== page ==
A Weak Excuse To Talk About Guy Ritchie’s ‘The Man From U.N.C.L.E.’
Spend enough time in the amorphous blob of sarcasm and theory that is Film Twitter and you’ll see which factions have taken form. It’s like the high school lunch table hierarchy, only way more pedantic and more invested in your opinions on David Lynch. There are the stalwart defenders of Jai Courtney, the ones who passive-aggressively tweet about how they’re not at any of the major film festivals (myself included), the awards prognosticators and the opposition to such practices, the avid haters of bad cinema etiquette, ones who aren’t straight white dudes, and much more.
The best bloc, however, without context, are the lifetime lovers of Guy Ritchie’s 2015 big-screen adaptation of the classic 1960s spy drama, The Man From U.N.C.L.E. Upon its release, the movie, starring Henry Cavill, Armie Hammer and Alicia Vikander, flopped pretty spectacularly, grossing a mere $109m from a $75m budget. Reviews were mixed to positive, but it just seemed as though few filmgoers were interested in putting their money down to watch a remake of an old TV show starring the guys from the flop remake of The Lone Ranger and the least interesting Superman. Perhaps it wasn’t a big enough IP for an international audience, or maybe Cavill’s star power holds no sway when DC aren’t involved. Whatever the reason, I wasn’t surprised that the film under-performed, but when I eventually saw the film that Summer, its disappointing numbers stung even more. That it has found new life as a favourite amongst film critics doesn’t seem to have uplifted Ritchie’s spirits, as this news brought him much confusion when informed of it during the press tour for his much less fun but still not half bad King Arthur movie (no seriously, it’s not that bad, I had a good time at it!)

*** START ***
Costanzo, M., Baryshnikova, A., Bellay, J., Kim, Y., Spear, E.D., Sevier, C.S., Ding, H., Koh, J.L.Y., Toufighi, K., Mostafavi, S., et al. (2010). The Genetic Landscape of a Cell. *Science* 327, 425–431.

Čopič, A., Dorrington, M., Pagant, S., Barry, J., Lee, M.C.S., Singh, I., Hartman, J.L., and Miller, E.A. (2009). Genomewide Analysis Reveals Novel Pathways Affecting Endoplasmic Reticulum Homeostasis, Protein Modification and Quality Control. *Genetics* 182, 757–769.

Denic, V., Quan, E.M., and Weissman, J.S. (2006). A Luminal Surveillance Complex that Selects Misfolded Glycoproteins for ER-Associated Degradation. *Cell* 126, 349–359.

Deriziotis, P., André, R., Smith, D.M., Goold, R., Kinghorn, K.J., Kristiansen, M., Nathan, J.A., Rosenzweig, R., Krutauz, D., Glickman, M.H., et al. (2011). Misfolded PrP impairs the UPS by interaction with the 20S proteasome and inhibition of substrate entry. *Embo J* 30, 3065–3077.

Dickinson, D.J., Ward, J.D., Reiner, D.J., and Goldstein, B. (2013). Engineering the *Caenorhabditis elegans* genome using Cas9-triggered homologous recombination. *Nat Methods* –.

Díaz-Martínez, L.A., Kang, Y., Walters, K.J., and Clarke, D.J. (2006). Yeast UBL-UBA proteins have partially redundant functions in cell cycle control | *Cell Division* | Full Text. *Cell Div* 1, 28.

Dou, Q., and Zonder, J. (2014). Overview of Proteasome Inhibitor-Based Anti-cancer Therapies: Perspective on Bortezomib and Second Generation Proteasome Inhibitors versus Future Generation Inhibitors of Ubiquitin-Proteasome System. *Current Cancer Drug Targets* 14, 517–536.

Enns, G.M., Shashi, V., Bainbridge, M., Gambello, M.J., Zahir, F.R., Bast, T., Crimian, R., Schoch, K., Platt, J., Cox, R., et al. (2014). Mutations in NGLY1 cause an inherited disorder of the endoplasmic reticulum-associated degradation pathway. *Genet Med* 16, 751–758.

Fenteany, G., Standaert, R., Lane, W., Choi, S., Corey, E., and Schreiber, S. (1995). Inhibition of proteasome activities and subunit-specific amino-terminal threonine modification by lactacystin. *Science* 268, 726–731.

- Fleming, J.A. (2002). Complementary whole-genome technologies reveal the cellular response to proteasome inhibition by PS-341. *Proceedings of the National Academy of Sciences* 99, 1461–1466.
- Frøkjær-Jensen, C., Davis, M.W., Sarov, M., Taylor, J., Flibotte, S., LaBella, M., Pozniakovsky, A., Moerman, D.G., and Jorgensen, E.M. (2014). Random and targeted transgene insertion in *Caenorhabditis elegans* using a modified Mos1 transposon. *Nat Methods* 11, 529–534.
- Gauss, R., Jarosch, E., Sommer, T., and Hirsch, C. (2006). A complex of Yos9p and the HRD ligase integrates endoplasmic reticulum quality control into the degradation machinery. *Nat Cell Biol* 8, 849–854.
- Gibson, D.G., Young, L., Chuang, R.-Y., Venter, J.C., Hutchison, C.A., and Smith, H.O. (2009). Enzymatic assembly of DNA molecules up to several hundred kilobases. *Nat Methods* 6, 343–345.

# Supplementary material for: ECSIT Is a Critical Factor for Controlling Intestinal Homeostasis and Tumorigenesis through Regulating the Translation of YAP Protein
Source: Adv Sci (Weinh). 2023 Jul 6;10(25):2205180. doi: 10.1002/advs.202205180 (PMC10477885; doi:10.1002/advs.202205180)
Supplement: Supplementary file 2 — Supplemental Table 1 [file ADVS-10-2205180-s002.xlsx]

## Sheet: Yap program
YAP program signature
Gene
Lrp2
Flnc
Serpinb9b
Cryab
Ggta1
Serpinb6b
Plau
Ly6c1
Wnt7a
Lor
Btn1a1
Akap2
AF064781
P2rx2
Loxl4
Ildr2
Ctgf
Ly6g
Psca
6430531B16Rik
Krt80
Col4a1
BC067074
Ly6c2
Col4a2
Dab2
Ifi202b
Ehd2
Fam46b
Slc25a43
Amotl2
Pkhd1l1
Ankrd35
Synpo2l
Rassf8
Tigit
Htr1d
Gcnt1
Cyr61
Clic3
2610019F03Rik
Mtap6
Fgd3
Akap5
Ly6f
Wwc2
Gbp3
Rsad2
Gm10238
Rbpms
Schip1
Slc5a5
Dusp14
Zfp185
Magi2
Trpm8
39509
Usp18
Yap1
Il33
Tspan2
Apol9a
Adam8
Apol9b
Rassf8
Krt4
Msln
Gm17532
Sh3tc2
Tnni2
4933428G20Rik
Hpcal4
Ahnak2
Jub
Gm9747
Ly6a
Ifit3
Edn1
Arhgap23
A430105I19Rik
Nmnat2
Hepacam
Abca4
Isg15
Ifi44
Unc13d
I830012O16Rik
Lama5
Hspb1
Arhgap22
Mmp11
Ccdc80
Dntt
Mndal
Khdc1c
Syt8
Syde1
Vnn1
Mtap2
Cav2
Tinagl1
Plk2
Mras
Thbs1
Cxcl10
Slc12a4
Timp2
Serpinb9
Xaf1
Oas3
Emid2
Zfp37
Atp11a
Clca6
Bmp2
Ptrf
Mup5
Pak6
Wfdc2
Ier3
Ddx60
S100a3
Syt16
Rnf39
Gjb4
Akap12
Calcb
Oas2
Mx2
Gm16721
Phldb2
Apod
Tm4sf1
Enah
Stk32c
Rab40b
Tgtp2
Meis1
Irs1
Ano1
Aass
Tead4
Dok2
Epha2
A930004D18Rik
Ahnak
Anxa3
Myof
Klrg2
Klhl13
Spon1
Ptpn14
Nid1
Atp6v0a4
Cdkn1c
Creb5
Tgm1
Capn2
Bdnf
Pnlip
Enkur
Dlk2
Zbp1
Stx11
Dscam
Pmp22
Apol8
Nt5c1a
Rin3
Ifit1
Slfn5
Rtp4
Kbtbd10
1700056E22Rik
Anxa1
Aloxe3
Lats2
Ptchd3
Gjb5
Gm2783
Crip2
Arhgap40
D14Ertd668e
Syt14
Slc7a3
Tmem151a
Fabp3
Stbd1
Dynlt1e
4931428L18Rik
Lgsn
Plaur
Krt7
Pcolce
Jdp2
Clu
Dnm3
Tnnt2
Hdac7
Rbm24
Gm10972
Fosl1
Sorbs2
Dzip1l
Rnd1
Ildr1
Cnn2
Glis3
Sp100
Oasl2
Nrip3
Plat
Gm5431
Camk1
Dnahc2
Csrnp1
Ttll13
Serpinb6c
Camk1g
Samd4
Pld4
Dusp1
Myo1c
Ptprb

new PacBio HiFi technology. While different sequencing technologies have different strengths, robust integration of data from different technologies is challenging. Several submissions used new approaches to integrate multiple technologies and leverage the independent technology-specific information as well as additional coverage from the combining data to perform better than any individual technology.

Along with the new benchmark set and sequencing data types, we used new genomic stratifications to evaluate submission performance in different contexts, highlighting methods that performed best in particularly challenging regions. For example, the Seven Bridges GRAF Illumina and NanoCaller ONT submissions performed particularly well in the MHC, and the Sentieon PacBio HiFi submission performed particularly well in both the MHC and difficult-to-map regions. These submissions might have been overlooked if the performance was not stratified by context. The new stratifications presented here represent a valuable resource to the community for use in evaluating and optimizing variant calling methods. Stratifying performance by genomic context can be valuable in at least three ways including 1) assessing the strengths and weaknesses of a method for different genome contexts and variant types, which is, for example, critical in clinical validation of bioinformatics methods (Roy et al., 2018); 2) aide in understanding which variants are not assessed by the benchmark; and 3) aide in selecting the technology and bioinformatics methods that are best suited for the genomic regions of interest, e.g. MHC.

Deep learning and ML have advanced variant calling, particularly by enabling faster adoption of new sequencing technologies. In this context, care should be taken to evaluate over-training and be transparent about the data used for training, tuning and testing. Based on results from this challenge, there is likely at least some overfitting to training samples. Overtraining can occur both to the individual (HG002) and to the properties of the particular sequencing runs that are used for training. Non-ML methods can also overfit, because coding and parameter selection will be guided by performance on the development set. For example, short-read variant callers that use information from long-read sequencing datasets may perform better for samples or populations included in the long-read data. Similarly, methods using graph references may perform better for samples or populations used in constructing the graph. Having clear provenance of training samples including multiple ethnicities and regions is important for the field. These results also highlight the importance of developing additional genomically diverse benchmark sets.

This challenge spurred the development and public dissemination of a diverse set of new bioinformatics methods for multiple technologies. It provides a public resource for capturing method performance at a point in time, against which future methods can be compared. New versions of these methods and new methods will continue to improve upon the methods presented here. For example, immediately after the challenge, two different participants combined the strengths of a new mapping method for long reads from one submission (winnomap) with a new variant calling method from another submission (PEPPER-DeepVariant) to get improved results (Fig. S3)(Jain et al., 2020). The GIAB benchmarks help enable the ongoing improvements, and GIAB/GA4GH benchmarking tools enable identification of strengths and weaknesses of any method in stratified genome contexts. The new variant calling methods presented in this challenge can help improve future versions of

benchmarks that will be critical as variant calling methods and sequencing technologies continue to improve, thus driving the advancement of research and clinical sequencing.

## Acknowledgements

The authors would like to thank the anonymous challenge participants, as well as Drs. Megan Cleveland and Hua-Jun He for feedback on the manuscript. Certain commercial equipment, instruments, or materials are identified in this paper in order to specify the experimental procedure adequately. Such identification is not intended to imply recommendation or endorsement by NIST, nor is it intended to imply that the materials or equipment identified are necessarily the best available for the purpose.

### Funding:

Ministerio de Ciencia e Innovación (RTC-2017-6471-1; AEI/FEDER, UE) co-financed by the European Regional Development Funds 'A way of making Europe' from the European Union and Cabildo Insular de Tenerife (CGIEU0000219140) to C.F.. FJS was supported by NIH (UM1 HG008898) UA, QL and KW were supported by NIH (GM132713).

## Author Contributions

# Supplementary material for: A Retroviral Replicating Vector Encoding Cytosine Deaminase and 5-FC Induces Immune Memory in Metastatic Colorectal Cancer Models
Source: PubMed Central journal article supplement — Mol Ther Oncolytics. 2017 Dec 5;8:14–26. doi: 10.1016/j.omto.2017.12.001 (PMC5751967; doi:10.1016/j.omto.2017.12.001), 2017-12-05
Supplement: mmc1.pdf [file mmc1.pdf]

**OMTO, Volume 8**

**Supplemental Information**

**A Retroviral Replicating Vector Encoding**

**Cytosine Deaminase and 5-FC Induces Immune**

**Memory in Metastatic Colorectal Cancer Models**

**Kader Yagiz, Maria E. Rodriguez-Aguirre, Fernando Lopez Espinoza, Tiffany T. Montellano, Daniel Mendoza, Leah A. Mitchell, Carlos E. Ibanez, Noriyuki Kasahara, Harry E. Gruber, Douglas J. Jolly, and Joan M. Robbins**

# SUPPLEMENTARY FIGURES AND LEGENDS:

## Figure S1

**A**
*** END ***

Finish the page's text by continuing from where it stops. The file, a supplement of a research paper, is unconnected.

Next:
Let’s be clear - The Man From U.N.C.L.E. is a great blockbuster. It’s the kind of breezy big-budget lark we see so little of in the age of expanded universes and multi-film franchises that must adhere to the strictest of central narratives. Ritchie, who experienced an unlikely career resurgence through his twist on the Sherlock Holmes story, seems unconcerned with sticking to the structural and stylistic rules of current Summer movie fare. This is a proudly old-school movie imbued with Ritchie’s slick vibrancy. Centred on CIA agent Napoleon Solo and KGB operative Illya Kuryakin, the unlikely duo are forced to work together alongside a German mechanic to stop an icy Italian socialite from potential world destruction, but the plot is almost unimportant. Don’t let those details get in the way of you having a marvellous time.